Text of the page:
« Reply #66 on: December 06, 2015, 07:56:59 PM »
There are still entire states (like Texas) where all they get is "sex is scary, don't do it".

Unsurprisingly, they f*ck like bunnies and now have epidemics of pregnancy and disease. But it's okay because Jesus.
Well if you can get pregnant without sex (ask Jesus) then you may as well fsck like bunnies anyway !

GuitarStv

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Re: From the low-income homeownership non-profit newsletter...
« Reply #67 on: December 07, 2015, 06:00:55 AM »
Jesus got pregnant without having sex???

Jack

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Re: From the low-income homeownership non-profit newsletter...
« Reply #68 on: December 07, 2015, 09:25:34 AM »
Good thing I like Portland. Otherwise I'd be moving to your neighborhood too :-P

Maybe I shouldn't mention that my neighborhood is pretty much the most "Portland-like" of any in Atlanta, then. ; )

Remember that most poor people don't own homes, homeownership has long been the provenance of the middle-class and up. The homeowners in many low-income neighborhoods are often slumlords, who then sell the properties and the properties get flipped, evicting the tenants. Some residents (owner-occupiers) benefit from the rising property values when they sell, but many residents get economically or no-cause evicted.

I'm not sure how prevalent this pattern is, but in a lot of the "bad" neighborhoods in Atlanta, the houses that the gang members or other criminals live in are owned by their elderly grandparents, who bought back when the neighborhood was middle-class.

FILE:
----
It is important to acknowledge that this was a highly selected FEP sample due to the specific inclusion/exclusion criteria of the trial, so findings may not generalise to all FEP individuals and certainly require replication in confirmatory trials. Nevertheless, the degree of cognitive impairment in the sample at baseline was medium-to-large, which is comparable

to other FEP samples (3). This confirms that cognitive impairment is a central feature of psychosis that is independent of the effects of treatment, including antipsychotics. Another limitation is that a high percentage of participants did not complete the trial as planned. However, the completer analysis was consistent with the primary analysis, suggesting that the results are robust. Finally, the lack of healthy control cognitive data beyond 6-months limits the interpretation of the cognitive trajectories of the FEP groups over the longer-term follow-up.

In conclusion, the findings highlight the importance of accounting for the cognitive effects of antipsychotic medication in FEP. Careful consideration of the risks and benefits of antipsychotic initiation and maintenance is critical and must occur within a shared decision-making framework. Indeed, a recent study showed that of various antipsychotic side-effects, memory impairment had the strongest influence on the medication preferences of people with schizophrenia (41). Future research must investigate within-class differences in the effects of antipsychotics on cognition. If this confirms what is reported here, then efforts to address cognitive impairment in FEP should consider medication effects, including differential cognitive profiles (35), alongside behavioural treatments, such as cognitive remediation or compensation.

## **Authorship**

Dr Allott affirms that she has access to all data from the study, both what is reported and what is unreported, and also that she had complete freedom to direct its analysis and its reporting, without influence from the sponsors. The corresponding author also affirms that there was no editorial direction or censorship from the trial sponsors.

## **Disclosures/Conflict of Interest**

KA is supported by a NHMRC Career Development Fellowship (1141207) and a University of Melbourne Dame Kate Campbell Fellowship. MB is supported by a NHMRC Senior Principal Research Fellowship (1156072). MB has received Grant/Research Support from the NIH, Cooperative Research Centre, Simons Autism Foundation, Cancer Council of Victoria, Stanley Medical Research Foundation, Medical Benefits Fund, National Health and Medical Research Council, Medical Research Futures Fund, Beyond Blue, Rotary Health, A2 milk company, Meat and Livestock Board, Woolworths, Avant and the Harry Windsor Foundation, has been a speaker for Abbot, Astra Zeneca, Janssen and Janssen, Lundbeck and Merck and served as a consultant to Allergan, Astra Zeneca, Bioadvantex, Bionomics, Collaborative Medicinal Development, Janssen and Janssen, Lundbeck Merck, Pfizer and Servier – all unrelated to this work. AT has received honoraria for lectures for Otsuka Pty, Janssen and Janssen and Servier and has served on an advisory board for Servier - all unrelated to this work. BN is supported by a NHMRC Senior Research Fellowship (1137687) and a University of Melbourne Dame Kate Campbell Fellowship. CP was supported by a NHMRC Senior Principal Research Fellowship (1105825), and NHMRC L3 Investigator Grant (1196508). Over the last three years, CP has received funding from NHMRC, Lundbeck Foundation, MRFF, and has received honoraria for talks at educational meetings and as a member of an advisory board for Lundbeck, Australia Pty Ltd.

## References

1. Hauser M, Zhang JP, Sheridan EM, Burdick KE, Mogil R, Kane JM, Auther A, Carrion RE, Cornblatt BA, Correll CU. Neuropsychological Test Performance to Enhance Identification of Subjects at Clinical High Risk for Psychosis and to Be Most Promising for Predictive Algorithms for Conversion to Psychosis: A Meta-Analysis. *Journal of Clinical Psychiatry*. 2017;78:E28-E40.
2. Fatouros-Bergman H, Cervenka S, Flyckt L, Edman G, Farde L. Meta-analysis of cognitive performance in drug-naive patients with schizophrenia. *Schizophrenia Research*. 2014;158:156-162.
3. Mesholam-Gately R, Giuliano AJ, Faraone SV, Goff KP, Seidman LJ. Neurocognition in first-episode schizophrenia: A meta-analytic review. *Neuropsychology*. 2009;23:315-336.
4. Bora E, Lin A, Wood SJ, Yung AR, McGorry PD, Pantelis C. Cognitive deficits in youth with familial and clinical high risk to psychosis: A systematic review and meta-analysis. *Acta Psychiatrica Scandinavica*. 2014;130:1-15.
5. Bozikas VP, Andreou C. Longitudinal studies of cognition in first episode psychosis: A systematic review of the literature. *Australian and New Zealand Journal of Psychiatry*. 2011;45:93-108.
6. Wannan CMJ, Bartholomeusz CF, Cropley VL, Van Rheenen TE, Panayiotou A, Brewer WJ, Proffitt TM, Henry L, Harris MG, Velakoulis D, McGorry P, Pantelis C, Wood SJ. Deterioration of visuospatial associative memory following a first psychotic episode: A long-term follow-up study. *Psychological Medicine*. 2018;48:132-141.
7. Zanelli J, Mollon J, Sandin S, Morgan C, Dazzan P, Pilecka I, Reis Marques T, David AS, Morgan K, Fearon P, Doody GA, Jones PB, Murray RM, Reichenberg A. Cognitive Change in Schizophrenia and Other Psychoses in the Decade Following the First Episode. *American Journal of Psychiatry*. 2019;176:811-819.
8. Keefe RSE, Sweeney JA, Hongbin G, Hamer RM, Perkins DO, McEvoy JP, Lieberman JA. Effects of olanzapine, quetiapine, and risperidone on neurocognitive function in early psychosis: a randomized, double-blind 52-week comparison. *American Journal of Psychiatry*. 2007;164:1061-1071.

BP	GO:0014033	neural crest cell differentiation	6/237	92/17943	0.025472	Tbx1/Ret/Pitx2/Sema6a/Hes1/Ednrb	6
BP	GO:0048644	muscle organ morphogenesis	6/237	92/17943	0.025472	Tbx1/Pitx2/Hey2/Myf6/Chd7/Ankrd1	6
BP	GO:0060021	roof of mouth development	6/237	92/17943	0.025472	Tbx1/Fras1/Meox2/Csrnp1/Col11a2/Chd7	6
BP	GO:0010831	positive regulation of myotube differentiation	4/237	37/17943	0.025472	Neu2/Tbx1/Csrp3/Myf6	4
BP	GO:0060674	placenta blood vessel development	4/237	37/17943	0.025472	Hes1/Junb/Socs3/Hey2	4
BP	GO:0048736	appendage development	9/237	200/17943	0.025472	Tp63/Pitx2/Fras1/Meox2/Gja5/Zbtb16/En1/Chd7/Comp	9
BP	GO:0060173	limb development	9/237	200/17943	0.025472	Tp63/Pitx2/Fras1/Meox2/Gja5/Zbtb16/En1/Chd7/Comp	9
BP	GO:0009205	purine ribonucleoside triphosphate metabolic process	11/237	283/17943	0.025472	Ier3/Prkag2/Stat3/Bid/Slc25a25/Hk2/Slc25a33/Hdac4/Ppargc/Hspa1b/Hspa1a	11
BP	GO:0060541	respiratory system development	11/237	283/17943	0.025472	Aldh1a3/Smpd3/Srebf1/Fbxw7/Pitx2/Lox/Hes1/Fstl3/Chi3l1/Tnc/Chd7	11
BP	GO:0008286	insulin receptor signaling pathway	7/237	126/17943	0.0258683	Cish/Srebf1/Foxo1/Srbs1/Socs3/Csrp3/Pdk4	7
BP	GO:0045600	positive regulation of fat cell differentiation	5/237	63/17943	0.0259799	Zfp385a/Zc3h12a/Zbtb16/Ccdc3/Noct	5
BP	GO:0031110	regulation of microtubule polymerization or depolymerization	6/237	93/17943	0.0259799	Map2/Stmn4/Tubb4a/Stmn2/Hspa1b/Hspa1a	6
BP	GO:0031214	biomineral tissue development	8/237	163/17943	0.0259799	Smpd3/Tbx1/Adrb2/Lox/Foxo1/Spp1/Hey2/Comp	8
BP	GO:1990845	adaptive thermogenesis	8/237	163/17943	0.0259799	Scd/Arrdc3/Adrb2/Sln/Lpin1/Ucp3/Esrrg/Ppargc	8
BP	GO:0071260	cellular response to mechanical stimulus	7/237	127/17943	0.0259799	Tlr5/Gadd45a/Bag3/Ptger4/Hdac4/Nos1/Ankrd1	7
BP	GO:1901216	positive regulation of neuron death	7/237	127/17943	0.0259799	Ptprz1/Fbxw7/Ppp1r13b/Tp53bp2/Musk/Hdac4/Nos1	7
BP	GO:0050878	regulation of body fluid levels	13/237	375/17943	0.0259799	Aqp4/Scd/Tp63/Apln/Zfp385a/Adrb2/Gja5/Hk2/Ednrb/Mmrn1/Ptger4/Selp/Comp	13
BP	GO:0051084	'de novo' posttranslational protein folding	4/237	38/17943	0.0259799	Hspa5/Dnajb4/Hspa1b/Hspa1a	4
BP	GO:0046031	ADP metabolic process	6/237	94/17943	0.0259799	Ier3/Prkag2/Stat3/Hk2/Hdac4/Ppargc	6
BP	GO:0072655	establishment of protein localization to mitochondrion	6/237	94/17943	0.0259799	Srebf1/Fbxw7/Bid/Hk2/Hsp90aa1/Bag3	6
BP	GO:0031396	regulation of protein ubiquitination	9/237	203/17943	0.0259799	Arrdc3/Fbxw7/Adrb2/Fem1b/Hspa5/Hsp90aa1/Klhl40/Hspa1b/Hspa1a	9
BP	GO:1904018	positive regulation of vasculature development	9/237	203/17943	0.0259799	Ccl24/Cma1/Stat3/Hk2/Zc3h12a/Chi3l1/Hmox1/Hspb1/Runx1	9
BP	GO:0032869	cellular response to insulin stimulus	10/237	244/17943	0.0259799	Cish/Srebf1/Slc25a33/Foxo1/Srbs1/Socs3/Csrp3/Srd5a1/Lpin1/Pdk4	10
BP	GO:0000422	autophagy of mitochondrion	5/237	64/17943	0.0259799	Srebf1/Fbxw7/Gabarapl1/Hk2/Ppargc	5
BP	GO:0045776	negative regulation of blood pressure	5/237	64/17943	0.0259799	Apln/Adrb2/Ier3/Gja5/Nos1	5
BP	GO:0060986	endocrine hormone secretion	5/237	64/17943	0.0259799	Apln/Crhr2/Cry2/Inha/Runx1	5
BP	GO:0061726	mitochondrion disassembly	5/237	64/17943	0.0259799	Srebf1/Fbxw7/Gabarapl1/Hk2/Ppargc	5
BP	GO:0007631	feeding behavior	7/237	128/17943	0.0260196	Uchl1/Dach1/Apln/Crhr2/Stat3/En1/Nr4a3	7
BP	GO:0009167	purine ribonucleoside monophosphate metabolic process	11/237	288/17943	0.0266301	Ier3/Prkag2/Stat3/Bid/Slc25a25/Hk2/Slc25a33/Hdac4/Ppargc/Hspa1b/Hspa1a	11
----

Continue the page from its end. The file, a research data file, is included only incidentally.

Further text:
Of course, when the elderly person dies and their heirs (who moved to the suburbs long ago) inherit it, they certainly don't want to live there and the paper value of the property is destroyed, so they quit paying the taxes and then the slumlord/real-estate speculator (namely, this guy) gets it.

(To explain the apparent contradiction between "criminal grandchildren" and "heirs in the suburbs:" the heirs were the high-achieving siblings; the criminals are the children of the fuck-up siblings.)



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Re: From the low-income homeownership non-profit newsletter...m
« Reply #69 on: December 07, 2015, 09:47:18 AM »
Girl at subway can't go to school to get a better job, because she has two work two jobs to support the three kids she fathered with two different men at 16. Rich peoples fault, lol. It's other peoples fault, not hers, so let's take from responsible people who made better decisions and give her a free house, car, phone, health care, food, heat and education. Ok...

I think you need to take a biology class.
Technically possible if you account for two of the children being twins, but odds are it would be a vary unlikely scenario. Of course, we could just as easily point out that the vast majority of public schools don't have sex ed courses that cover birth control options other than abstinence.

This is really easy to understand, if Bearded Man has actually talked to the woman who works at Subway in-depth (which somehow I doubt.) She had two baby daddies, one of them gave her two kids. Unfortunately, many many young women end up pregnant at 13 (due to poverty, poor access to health care, shitty foster care system, no access to family planning, and no sex education) so it's entirely possible she's had 3 kids in 3 year's time.

It's an old chestnut that teens have babies because they don't know or have access to birth control.